different top-level HMMs, as in the example in Figure 16.

The most obvious application of HHMMs is to speech recognition. It is natural to think of words as composed of

phones, which produce subphones, which produce the acoustic signal. In practice, the mapping from words to phones

is fixed by a phonetic dictionary, and the mapping from phones to acoustics is fixed by assuming a 3-state left-to-

right HMM with mixture of Gaussian output. Hence the whole hierarchy can be “collapsed” into a flat HMM, with

appropriate parameter tying to represent the fact that bottom levels of the hierarchy can be reused in different higher

level contexts. However, if one were interested in learning the hierarchical decomposition, an HHMM might be useful.

See Chapter ?? for more on speech recognition.

Another application of HHMMs is to map learning by mobile robots. It is natural to think of an indoor office-like

environment as composed of floors, which are composed of corridors and rooms, which are composed of finer-grained

locations. For this application, it is necessary to modify the model somewhat. Firstly, we typically condition all state

transitions on the action performed by the robot. Secondly, and more subtly, when we leave one abstract state (e.g.,

corridor), the new concrete state (e.g., location within corridor) depends on the old concrete state, i.e., not all the old

12

context is “popped off the stack” upon exiting. (In other words, the corridor models are not context free.) Instead, we

condition the new starting state on some function of the old state. We leave the details as an exercise.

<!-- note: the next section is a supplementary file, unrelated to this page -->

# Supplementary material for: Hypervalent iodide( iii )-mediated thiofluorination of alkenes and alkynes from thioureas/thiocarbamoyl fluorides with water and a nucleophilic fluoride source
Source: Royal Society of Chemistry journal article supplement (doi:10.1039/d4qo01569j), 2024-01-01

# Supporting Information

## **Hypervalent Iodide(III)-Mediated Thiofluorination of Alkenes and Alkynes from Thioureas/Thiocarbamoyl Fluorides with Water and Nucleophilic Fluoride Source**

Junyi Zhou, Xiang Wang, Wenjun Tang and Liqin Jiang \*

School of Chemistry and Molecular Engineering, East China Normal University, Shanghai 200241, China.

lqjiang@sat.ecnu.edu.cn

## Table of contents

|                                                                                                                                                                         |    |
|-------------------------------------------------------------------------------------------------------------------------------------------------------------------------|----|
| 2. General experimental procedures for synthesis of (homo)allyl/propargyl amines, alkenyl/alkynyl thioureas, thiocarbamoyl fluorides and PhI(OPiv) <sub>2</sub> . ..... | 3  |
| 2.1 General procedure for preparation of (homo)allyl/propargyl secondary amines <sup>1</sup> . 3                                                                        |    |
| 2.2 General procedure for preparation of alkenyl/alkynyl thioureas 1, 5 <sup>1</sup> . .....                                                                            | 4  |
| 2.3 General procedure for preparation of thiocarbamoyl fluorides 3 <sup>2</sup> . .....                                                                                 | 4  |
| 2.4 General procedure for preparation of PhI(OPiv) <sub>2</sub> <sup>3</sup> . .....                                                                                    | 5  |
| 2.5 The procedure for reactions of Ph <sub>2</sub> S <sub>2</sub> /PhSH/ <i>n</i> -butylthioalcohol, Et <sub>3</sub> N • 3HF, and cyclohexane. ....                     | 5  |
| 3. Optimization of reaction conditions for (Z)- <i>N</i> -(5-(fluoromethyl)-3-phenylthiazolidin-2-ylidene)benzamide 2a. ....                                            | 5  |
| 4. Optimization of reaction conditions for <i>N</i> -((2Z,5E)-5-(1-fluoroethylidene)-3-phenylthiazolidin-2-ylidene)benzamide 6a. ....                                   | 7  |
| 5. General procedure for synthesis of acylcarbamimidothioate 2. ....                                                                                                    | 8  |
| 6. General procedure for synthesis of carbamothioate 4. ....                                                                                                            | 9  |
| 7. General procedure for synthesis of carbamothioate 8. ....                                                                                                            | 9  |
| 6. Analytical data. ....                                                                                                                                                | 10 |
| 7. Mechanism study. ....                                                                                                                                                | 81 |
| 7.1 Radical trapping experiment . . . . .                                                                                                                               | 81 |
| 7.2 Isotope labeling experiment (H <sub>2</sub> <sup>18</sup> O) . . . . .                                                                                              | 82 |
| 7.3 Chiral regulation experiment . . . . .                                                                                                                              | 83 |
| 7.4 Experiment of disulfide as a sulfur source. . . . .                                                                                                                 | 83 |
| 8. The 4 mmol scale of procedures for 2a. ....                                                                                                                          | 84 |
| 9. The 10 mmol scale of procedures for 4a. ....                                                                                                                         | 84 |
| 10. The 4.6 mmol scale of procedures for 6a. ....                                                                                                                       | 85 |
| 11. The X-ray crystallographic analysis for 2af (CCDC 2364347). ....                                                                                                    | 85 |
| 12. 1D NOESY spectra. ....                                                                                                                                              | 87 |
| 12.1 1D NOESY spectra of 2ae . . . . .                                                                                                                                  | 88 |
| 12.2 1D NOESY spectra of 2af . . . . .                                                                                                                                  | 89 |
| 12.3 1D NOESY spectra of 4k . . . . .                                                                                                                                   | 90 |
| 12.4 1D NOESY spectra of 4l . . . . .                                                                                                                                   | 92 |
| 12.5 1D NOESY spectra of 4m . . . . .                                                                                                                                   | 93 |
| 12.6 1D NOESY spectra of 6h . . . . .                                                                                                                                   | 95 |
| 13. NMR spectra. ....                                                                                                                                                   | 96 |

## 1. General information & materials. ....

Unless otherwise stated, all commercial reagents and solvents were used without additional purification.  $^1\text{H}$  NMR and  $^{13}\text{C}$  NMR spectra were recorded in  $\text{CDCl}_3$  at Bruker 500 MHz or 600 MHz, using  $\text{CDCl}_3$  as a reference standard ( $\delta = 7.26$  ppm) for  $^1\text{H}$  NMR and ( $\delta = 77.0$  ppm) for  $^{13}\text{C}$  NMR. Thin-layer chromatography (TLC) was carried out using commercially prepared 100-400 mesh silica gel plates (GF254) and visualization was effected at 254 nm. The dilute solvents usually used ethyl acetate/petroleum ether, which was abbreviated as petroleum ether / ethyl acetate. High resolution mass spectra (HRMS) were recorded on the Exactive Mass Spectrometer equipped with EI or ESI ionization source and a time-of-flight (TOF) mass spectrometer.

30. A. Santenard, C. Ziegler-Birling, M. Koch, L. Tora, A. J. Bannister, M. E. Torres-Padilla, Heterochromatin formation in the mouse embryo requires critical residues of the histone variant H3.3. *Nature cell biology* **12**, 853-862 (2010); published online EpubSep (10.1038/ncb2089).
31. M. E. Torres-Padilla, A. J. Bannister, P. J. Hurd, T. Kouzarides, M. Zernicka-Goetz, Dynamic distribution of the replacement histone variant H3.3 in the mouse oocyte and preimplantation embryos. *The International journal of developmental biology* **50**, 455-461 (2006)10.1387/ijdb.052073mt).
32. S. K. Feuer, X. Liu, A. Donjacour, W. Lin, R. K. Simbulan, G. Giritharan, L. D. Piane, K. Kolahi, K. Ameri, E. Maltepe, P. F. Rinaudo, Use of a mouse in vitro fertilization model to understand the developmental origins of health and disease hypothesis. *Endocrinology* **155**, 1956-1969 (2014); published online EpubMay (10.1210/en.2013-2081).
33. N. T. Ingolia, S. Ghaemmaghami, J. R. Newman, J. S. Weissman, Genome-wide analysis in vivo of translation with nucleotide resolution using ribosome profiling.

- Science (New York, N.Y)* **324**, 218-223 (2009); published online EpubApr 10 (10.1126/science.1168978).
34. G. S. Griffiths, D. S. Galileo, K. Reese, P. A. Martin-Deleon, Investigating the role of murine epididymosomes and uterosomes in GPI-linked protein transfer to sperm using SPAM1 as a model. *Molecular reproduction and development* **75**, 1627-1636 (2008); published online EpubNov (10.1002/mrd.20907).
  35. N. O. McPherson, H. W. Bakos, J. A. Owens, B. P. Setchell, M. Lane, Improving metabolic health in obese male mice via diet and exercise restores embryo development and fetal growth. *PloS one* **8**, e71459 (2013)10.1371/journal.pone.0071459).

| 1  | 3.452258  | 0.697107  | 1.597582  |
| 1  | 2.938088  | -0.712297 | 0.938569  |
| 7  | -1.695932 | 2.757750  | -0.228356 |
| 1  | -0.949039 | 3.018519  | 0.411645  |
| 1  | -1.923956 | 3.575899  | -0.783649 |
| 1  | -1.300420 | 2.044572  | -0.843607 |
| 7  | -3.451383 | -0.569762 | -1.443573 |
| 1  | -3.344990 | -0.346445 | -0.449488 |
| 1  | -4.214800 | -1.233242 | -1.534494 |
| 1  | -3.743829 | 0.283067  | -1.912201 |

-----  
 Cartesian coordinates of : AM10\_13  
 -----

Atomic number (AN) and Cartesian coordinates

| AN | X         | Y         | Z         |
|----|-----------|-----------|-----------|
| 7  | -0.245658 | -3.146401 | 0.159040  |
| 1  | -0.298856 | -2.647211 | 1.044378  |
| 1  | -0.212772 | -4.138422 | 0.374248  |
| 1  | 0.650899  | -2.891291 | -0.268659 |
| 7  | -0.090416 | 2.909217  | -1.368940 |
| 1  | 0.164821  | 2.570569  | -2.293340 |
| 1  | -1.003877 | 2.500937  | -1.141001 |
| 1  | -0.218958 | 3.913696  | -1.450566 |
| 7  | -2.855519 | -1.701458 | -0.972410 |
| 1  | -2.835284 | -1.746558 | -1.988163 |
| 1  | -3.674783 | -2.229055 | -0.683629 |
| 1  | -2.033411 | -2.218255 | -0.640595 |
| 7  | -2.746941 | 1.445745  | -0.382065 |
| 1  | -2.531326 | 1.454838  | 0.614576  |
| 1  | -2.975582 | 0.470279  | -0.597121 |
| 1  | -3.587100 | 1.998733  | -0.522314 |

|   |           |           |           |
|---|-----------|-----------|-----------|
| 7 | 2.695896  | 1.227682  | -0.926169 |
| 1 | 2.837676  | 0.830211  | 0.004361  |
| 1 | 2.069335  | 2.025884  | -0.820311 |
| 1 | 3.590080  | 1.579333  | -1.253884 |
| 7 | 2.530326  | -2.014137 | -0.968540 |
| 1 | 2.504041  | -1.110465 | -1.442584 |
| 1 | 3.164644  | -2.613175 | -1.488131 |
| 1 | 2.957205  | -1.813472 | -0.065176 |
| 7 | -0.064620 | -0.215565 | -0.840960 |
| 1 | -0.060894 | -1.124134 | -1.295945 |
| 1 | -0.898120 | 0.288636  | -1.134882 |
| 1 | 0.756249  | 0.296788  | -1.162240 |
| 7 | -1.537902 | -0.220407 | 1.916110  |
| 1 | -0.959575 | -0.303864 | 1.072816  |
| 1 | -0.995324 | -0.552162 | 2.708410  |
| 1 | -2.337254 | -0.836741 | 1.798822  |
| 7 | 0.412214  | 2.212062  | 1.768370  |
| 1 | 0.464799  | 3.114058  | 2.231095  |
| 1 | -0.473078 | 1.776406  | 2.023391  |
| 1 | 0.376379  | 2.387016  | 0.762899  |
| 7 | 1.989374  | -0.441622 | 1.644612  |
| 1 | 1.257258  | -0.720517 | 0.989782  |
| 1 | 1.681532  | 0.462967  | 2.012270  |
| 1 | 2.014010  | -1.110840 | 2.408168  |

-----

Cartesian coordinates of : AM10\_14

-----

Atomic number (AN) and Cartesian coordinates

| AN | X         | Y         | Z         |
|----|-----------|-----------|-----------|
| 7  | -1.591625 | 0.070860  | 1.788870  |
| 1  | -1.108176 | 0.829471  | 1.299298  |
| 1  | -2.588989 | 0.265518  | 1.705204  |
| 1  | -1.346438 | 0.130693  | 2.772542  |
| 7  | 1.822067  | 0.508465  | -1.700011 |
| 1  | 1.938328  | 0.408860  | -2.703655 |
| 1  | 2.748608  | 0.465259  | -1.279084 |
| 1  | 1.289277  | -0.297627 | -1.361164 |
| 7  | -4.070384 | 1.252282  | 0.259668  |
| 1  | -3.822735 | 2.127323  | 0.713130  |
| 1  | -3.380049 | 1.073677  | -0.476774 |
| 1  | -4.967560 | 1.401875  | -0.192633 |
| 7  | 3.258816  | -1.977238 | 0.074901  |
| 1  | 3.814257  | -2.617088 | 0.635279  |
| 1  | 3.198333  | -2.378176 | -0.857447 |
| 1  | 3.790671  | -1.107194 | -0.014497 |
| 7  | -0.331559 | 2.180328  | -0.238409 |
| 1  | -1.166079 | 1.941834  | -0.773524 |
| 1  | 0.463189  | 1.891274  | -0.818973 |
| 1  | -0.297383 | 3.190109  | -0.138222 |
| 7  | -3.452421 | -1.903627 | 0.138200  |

U1 U2 U3

X1 X2 X3

Y1 Y2 Y3

Figure 18: An HMM/SSM with input. The dotted arcs are optional, and reflect the fact that the input may affect the

output directly.

The graph structure for an SSM looks identical to that for an HMM, since it makes the same conditional inde-

pendence assumptions. Typically one also includes an input node, as in Figure 18. In an SSM, all the nodes are

continuous, and all the CPDs are linear-Gaussian, i.e.,

P (Xt = xt |Xt−1 = xt−1 , Ut = u) = N (xt ; Axt−1 + Bu, Q)

P (Yt = y|Xt = x, Ut = u) = N (y; Cx + Du, R)

We do not need to define P (Ut ), since this is an exogoneous input variable that is always observed.

In the case of SSMs, unlike for HMMs, there is a one-to-one correspondence between sparse graphical structure

(i) (j)

and sparse parametric structure. In particular, A(i, j) > 0 iff there is a directed arc from X t−1 to Xt , and similarly

for the other regression matrices, B, C and D. For the covariance matrices, we make use of the fact that, in an

undirected Gaussian graphical model, zeros in the precision (inverse covariance) matrix correspond to absent arcs.

(i) (j)

Hence Q−1 (i, j) > 0 iff there is an undirected arc from Xt to Xt within the same time slice. For example,

consider a factorial SSM, as in Figure 7, but where all the CPDs are linear-Gaussian, and there are two chains. The

corresponding joint transition function is

1 1 1 −1

Xt A 0 Xt−1 Q1 0

P (Xt1 , Xt1 |Xt−1

1 1

, Xt−1 )=N ; ,

Xt2 0 A2 2

Xt−1 0 Q−12

Contrast this with the discrete case shown in Figure 8.

For a more complex example, consider a vector auto-regressive process of order 2:

Xt = A1 Xt−1 + A2 Xt−2 + t

where t ∼ N (0, Σ). (We ignore the Ut and Yt variables for simplicity.) Suppose the parameters are as follows.

3

5 0 51 0 0 0 0 − 51 0 0

0 3 0 − 1 0 0 0 0 0 0

2 51 3 5